MAFF offers amnesty on single tag cattle sales
By Jonathan Riley
RESPONDING to the serious backlog in cattle tag manufacturing, MAFF has said it will not prosecute any producers who, for genuine reasons, have to sell cattle carrying only a single eartag.
Although EU double tagging legislation came into effect on Jan 1, producers have been allowed to market cattle on a single tag since then because MAFF will not been empowered to prosecute them until the directive is approved by parliament later this month.
But, with farmers suffering a delay of at least six-weeks between ordering their tags and receiving them, MAFF has pledged not to prosecute anyone who had a genuine difficulty in getting tags, even after the legislation has passed through parliament.
Incidents would be dealt with on a case-by-case basis, an official said. But, he added, cattle for slaughter should have at least one tag, plus a passport.
But John Waine, director of Wilts-based calf group Mid West Calves, warned producers buying calves with only one tag to consider the long term implications.
"Buyers will be responsible for chasing up secondary tags and could be liable for any penalties incurred in 18-months time when calves are marketed with only one tag.
"It is, therefore, vital that buyers find out whether tags have been applied for when buying calves, and that they gain some evidence of this," said Mr Waine.
Tag manufacturers have rejected claims that the growing backlog in processing tag orders is their fault. Bob Hattersley, chairman of the Approved Livestock Identification Manufacturers Association, said his members had been faced with a totally new set of requirements which were far more complex.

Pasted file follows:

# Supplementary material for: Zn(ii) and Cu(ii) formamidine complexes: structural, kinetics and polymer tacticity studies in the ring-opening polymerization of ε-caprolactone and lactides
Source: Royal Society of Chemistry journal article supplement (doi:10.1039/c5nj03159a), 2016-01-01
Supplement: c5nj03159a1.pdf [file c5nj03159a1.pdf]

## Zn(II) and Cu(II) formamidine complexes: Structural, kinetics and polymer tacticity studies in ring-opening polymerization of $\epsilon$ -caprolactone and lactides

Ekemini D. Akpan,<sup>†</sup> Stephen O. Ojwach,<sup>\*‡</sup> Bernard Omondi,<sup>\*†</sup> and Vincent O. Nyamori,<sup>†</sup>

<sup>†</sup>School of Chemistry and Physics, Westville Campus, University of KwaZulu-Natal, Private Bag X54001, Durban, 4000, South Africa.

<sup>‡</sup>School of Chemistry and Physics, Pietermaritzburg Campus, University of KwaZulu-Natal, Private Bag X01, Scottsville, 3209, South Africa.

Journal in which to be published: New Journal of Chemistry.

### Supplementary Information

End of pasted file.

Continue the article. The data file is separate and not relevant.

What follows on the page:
Manufacturers were working 16 hours a day, seven days a week, to clear backlogs, he added. "About 40% of tag orders include errors and MAFF simply rejects these orders. Its then left for the manufacturer to try and contact producers and sort out the problem before the order can be re-submitted to MAFF for checking against the database.
"Only then can we manufacture the number set requested, and this inevitably takes some time," said Mr Hattersley. He said the growing number of producers telephoning manufacturers to chase orders was adding to the pressure, and urged producers to wait for manufacturers to contact them.
"Their concern is understandable but it would help if they could wait until we contact them, to relieve some of the pressure on our switchboards and administrative staff."